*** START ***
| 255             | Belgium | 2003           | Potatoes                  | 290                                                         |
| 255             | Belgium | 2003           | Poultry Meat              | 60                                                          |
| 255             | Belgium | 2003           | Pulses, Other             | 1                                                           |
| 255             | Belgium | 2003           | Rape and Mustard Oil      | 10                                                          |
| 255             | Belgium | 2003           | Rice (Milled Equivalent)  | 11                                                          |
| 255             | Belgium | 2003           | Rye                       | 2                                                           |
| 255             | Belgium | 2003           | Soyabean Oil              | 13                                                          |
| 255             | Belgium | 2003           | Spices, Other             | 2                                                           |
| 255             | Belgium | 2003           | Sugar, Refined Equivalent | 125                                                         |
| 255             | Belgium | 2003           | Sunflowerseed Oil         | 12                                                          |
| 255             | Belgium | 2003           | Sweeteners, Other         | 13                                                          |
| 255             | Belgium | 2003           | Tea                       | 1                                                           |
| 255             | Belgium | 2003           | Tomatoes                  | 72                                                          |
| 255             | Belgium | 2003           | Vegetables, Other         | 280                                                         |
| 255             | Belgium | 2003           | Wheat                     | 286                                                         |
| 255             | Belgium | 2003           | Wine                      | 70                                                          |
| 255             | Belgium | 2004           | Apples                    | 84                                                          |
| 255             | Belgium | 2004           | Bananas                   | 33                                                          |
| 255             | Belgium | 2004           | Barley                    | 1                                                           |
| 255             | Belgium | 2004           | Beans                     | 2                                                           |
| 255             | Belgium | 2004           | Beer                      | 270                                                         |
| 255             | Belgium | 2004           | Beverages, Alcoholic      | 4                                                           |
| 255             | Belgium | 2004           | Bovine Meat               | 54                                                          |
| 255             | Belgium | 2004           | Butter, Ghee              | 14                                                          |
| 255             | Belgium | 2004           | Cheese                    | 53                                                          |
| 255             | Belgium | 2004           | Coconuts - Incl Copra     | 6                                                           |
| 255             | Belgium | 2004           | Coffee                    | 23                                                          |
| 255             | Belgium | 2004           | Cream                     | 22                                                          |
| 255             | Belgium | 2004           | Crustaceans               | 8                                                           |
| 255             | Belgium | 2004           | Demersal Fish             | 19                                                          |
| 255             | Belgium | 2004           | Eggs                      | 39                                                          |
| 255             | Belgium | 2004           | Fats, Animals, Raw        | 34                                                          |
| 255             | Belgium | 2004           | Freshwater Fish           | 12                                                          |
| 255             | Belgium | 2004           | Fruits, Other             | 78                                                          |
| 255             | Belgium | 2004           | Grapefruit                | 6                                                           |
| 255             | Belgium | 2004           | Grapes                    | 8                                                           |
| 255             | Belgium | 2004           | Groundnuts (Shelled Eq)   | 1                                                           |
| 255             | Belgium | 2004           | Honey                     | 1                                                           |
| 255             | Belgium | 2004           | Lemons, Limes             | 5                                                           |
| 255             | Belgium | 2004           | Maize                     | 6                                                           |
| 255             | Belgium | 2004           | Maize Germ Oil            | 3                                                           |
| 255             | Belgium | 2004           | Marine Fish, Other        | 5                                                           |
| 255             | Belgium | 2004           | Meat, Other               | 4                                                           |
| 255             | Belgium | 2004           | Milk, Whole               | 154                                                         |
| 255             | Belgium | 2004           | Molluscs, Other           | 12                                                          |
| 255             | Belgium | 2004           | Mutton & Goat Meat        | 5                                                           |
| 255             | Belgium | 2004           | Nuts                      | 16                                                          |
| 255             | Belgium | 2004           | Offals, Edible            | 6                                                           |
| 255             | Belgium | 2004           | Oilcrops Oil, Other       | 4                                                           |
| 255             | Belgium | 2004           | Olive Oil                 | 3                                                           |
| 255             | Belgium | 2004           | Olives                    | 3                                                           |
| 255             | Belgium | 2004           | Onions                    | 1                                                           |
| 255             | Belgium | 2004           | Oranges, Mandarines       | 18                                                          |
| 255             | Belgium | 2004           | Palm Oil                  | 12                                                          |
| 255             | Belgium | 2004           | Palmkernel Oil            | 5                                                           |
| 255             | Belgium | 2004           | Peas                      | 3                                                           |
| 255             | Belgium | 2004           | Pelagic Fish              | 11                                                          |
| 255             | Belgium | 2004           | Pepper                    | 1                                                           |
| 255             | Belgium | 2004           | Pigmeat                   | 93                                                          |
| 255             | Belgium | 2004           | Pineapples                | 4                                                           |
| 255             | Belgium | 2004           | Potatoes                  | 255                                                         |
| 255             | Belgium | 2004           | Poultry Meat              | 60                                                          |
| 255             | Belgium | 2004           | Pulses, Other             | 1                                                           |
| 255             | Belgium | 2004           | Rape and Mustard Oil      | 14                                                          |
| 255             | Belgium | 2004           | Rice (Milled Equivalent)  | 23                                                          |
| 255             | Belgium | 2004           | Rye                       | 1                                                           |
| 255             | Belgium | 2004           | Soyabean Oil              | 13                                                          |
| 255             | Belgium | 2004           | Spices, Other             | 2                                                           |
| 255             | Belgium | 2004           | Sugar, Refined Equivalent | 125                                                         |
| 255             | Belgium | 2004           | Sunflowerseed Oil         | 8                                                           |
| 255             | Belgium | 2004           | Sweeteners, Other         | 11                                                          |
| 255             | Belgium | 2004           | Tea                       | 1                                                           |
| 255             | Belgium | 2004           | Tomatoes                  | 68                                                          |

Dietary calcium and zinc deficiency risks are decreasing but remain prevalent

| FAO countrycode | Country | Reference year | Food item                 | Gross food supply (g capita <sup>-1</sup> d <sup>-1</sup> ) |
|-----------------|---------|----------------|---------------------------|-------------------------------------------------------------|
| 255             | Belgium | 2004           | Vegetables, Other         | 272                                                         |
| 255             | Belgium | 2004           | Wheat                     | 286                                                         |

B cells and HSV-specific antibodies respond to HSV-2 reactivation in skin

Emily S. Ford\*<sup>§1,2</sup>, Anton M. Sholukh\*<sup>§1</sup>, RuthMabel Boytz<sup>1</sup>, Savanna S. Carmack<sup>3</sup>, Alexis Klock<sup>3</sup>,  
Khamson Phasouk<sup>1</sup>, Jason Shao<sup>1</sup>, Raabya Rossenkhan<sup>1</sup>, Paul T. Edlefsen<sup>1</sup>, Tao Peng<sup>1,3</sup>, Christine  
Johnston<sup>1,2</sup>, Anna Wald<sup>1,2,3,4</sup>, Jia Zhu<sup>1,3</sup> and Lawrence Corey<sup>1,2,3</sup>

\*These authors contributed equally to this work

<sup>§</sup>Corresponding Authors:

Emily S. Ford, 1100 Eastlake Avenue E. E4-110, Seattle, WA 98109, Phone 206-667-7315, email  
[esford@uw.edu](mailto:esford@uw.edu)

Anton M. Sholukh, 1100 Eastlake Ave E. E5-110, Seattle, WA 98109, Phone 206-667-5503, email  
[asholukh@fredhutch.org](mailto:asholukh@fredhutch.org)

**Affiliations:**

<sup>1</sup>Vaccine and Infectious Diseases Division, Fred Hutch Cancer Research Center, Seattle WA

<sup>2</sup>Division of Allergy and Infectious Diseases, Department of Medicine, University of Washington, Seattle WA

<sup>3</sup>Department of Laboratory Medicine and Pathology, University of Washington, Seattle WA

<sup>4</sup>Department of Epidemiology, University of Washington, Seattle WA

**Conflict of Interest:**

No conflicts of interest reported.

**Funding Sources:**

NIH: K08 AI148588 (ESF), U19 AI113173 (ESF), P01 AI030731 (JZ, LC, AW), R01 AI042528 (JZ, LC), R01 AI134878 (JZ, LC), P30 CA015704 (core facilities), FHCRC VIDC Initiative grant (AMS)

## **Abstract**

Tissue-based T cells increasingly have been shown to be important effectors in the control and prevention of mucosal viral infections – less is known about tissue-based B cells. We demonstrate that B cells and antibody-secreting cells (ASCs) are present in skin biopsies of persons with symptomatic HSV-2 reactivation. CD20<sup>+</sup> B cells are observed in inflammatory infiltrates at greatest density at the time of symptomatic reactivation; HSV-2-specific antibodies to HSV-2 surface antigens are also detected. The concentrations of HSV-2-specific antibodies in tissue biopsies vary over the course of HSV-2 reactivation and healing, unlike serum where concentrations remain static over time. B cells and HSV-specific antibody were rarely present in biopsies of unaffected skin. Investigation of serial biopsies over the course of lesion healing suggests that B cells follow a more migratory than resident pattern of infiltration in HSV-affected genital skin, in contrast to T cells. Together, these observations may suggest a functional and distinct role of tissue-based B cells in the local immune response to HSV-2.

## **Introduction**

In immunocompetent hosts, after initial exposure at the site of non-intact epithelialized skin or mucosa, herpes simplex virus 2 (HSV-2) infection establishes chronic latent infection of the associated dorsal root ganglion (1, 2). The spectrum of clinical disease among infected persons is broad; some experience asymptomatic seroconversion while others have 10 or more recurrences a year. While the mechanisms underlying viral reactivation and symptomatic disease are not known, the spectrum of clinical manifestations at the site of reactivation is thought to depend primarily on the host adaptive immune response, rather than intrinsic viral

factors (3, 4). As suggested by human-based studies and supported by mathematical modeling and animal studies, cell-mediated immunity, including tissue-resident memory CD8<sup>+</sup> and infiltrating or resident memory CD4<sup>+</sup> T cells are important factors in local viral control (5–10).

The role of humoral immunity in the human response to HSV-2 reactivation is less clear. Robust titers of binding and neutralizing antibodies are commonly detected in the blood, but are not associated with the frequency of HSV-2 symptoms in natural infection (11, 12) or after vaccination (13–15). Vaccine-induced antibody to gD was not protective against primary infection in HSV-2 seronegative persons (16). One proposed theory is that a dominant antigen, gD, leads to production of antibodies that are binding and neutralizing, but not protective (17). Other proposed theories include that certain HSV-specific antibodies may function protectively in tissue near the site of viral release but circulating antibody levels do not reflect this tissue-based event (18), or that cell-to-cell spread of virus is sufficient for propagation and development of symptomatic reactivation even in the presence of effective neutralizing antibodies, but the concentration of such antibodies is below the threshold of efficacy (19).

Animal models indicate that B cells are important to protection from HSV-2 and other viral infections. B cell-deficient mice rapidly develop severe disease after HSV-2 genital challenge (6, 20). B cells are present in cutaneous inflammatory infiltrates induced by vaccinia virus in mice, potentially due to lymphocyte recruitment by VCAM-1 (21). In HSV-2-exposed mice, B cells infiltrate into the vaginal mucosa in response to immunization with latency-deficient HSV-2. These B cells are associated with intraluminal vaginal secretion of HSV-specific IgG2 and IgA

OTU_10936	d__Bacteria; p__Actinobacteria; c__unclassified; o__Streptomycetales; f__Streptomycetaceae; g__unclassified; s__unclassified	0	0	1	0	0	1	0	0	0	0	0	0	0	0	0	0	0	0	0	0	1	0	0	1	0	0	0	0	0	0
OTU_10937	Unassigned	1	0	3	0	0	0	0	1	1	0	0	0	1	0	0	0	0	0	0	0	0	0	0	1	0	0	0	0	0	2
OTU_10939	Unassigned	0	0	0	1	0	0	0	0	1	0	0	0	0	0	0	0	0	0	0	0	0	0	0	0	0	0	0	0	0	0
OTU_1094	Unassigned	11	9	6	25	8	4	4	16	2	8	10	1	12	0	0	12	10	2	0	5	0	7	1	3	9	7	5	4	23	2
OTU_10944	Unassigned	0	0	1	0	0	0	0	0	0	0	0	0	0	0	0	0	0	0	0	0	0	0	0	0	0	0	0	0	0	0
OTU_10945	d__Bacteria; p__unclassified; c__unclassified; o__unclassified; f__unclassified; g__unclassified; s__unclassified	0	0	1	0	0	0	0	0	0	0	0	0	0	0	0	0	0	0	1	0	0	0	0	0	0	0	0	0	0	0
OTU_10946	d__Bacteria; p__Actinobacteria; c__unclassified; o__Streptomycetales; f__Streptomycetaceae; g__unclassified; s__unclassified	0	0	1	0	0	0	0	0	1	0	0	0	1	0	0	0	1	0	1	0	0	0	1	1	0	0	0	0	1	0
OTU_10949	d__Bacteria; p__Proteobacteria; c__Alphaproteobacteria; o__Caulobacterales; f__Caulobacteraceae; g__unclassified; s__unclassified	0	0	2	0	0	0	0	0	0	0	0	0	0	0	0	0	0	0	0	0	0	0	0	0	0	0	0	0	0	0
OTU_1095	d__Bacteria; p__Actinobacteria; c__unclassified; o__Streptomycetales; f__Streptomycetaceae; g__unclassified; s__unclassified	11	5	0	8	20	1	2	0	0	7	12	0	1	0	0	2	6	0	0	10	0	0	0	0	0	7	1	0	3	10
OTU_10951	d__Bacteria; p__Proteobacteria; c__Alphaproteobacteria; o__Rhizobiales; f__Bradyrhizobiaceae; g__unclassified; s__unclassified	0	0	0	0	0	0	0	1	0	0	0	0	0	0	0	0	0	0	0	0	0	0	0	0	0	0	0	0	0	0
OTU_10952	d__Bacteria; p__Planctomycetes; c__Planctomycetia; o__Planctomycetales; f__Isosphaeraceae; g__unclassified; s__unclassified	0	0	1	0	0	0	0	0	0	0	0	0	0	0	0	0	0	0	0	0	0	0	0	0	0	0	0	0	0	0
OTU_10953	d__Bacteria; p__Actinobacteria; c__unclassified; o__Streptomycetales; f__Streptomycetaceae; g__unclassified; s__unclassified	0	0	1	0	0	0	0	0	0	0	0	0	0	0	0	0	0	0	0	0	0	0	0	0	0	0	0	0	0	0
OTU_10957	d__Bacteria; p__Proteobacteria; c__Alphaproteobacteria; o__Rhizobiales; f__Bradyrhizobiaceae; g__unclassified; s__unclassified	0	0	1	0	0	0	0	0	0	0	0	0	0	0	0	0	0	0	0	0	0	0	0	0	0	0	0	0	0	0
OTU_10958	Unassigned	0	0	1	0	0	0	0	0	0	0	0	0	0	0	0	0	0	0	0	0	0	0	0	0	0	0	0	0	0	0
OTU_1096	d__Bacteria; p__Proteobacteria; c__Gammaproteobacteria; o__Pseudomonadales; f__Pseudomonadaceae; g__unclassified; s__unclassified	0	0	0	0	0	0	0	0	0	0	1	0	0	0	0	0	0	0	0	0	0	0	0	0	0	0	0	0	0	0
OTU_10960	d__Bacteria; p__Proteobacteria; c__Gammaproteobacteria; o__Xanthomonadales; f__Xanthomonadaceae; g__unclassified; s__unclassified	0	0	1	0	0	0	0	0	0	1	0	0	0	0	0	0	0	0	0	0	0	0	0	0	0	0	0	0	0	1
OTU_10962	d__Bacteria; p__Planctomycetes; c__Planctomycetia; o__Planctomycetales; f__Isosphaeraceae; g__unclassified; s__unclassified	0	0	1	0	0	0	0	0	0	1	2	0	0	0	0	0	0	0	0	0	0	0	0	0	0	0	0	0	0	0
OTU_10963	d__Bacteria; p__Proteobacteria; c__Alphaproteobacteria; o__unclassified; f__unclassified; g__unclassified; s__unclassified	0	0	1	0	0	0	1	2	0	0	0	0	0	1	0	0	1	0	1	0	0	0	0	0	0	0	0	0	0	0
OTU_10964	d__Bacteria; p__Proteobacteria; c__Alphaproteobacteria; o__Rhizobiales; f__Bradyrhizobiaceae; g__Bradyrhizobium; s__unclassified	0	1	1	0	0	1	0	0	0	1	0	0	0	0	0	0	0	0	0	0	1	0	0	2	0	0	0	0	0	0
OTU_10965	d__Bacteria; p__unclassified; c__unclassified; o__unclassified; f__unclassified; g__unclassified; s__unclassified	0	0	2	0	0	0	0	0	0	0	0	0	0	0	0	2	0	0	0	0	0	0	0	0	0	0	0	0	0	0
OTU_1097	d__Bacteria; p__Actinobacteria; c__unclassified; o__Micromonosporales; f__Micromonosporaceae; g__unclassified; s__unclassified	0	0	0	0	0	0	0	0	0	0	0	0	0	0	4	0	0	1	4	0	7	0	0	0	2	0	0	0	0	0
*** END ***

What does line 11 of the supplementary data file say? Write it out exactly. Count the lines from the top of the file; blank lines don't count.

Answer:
| 255             | Belgium | 2003           | Sweeteners, Other         | 13                                                          |